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Lucy Kwan
Lucy Kwan
Lucy M.S. Kwan is Adjunct Assistant Professor in the Department of Statistics & Actuarial Science, University of Hong Kong. She was lead researcher on “Poor Housing Conditions in Hong Kong” 2008-2012, commissioned by the late Sir David Akers-Jones. She founded The Tanner Hill Workshop, which operates a cross-media platform www.talkrainbow.com for Hong Kong people across the globe to share their ideas for personal and societal advancement. She has also served on the Management Committee of the Boys' & Girls' Club Association for two decades and on the Innovation & Technology Committee of the Hong Kong Women Professionals and Entrepreneurs Association. She holds a BA in maths (1st-class honours) from the University of Hong Kong, and an MSc in statistics...

Subsidised housing prices should be tied to household income, not land premiums, so as to give more families home ownership opportunities. Allowing more people to buy their own homes would ease the government’s burden of providing public rental housing – and boost the economy.

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Cruise ships could serve as transitional housing for those waiting for public housing or the redevelopment of their apartments by the URA. The vessels are available at discounted rates due to the pandemic, already have many amenities and can be located near urban areas.

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Proposals to repurpose quarantine centres and pockets of government land, and build a multistorey youth hostel, might seem unorthodox, but the city needs short-term housing solutions as well as long-term ones since larger projects will take a decade or more to bear fruit.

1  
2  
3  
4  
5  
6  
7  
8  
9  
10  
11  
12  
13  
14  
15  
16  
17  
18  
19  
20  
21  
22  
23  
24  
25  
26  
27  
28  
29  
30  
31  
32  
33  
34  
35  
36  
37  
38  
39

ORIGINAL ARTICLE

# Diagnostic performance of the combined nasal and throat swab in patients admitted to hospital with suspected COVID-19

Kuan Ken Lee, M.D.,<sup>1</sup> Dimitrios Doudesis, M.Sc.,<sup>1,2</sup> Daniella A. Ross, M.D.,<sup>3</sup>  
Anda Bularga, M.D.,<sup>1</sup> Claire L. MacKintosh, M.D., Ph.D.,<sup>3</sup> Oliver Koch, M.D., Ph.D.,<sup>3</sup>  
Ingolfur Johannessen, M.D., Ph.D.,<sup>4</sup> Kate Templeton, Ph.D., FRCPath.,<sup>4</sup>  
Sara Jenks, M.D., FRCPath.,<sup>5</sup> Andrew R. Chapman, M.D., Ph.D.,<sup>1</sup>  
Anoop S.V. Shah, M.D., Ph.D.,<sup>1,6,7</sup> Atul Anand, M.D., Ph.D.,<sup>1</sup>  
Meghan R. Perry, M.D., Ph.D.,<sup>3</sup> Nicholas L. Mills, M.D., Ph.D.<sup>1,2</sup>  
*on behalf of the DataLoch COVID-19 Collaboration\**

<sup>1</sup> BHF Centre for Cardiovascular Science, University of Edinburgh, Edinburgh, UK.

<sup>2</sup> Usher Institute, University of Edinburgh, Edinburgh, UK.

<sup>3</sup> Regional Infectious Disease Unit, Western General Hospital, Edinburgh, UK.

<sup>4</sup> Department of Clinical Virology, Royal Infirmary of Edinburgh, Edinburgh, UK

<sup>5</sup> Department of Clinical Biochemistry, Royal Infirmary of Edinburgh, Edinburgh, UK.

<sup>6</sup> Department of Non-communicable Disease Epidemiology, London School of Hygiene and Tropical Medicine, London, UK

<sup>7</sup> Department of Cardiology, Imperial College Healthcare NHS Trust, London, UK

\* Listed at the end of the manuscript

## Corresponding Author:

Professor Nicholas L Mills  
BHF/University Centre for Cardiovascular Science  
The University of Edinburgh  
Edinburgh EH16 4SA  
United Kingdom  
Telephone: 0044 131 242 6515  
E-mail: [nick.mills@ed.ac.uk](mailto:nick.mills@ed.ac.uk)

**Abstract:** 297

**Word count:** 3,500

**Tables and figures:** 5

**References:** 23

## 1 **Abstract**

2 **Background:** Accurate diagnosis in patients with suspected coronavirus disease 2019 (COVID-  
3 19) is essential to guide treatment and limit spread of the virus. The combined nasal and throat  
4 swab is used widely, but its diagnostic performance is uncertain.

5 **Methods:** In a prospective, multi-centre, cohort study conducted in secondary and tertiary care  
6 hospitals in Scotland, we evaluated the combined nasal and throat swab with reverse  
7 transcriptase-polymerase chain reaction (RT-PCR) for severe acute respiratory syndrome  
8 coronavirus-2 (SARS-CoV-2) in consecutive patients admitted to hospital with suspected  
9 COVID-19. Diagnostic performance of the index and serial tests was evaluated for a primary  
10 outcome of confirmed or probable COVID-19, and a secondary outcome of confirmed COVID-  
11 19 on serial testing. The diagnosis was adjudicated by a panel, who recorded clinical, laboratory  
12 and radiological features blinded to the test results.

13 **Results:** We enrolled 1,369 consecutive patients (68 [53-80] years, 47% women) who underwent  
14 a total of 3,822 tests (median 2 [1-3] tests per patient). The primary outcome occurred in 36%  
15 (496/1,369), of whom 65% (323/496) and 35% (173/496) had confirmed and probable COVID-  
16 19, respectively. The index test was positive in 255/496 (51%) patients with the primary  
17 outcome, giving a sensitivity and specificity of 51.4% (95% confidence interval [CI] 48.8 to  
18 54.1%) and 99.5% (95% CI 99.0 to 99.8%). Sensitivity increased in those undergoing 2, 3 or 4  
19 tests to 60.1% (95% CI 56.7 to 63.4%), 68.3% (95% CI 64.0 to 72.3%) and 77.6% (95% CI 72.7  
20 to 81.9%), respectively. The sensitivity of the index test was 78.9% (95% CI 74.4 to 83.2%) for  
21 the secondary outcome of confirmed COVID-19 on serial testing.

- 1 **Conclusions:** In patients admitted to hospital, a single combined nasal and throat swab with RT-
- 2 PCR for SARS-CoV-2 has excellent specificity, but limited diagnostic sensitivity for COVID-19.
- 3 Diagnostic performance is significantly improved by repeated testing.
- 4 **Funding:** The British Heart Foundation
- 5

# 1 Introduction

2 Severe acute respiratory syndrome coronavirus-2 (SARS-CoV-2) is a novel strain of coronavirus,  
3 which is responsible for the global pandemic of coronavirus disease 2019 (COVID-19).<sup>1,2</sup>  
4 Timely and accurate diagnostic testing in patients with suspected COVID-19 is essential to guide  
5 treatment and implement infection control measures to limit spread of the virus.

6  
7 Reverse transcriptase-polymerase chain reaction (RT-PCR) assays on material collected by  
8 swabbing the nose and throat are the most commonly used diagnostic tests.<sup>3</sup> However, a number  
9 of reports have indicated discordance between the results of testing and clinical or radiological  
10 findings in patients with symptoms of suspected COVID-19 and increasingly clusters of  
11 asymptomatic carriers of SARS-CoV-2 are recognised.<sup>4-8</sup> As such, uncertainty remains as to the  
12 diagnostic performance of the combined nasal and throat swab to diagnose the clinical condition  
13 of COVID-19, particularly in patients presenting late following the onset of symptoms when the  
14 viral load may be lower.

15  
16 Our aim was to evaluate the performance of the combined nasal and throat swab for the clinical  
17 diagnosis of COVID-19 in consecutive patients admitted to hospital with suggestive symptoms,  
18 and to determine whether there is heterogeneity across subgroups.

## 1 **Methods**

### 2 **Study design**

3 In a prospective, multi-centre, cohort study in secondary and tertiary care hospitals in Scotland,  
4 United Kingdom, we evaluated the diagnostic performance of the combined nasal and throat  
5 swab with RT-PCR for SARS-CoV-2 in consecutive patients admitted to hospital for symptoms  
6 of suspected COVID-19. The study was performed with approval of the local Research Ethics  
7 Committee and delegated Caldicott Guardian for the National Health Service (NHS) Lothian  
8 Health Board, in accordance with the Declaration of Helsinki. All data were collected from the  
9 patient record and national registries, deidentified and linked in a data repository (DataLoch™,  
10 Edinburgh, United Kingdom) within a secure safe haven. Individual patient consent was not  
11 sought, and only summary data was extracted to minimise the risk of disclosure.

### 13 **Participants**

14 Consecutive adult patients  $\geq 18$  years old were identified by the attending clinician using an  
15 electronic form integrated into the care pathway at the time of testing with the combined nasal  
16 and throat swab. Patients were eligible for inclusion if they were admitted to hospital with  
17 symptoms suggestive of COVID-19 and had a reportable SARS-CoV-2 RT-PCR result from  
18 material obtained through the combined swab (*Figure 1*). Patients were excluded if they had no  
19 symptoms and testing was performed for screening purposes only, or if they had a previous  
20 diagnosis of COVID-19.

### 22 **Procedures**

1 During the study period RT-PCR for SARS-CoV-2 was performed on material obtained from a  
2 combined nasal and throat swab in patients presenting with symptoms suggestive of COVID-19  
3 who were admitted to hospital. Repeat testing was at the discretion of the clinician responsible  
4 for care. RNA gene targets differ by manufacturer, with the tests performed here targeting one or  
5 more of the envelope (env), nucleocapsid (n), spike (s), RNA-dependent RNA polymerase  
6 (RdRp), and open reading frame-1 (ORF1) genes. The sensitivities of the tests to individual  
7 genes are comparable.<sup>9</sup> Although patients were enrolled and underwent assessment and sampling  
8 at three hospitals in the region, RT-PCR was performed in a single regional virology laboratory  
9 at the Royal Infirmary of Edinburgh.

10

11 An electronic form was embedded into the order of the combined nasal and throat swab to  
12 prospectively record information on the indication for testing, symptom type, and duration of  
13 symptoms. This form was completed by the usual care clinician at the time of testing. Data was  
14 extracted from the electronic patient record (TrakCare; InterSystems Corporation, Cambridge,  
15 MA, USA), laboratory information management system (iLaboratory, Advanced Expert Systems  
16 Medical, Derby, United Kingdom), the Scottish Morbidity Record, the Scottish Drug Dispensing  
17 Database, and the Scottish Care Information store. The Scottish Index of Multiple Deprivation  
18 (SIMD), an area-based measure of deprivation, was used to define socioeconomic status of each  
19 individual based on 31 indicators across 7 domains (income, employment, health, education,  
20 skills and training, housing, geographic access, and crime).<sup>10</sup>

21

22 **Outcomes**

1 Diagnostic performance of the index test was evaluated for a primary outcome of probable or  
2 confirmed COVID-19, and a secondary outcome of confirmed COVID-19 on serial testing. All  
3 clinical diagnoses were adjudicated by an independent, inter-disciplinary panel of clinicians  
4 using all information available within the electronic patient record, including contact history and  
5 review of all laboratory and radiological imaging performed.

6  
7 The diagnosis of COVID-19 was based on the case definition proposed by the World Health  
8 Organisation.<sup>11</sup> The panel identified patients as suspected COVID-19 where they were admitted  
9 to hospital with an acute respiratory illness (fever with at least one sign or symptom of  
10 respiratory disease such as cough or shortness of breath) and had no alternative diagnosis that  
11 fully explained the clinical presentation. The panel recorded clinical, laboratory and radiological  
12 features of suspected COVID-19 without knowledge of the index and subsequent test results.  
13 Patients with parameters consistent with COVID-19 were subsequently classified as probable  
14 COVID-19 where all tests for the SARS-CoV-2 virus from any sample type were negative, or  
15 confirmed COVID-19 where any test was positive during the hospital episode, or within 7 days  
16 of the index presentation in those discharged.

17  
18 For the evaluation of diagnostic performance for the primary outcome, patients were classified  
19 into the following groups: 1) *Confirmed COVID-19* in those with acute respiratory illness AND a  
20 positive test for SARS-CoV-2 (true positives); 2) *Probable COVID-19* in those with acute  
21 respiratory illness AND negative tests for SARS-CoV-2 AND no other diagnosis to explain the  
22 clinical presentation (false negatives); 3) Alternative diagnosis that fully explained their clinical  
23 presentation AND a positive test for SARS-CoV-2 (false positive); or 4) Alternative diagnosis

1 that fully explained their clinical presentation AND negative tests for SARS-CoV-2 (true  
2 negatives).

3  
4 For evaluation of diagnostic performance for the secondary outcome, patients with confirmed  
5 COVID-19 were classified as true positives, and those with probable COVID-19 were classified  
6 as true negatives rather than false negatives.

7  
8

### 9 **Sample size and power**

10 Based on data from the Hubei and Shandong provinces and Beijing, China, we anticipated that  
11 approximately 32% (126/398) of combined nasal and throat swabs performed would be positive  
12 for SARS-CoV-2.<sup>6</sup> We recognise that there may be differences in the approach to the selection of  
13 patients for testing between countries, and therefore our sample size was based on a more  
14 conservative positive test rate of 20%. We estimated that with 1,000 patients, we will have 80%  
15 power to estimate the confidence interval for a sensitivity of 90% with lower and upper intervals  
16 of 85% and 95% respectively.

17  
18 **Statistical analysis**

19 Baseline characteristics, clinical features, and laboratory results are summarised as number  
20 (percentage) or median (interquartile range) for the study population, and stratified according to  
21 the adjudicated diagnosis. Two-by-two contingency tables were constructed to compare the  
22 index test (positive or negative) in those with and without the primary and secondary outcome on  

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The thousands of cubicles speedily built to isolate Covid-19 patients are due to be decommissioned once the fifth wave is under control. But repurposing them to provide temporary accommodation for those awaiting public housing would have a far greater social benefit, and reduce waste and cost.

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Mainland China’s approach rests on population-wide testing and a powerful big data tracing platform. Hong Kong is not measuring up. A system that uploads visitor footprints to government servers, sensors to automatically record entries and exits, and a phased approach to implementation could all help.

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There was much to like in Carrie Lam’s latest policy address, but the difference between its elite and mass reception demands attention. Implementation will be key as the city government tries to balance national goals with meeting the needs of everyday Hongkongers.

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With good zoning and planning, the northern New Territories can be reinvented as highly liveable areas with good work opportunities. Hong Kong could then bid farewell to its infamous cage homes and subdivided flats.

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Moving the facilities on brownfields to land reclaimed west of Guishan Island would give the New Territories a much-needed facelift, while freeing up space to create a new business district, helping to balance and revitalise all of Hong Kong.

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A second business hub would not only complement the plan for housing, but also create jobs, add value for property owners, ease congestion in the city’s south, and strengthen economic links with the rest of the Greater Bay Area.

Hong Kong’s chronic land shortage is at the root of most of its socio-economic problems, meaning development of New Territories North is essential for more than just housing.

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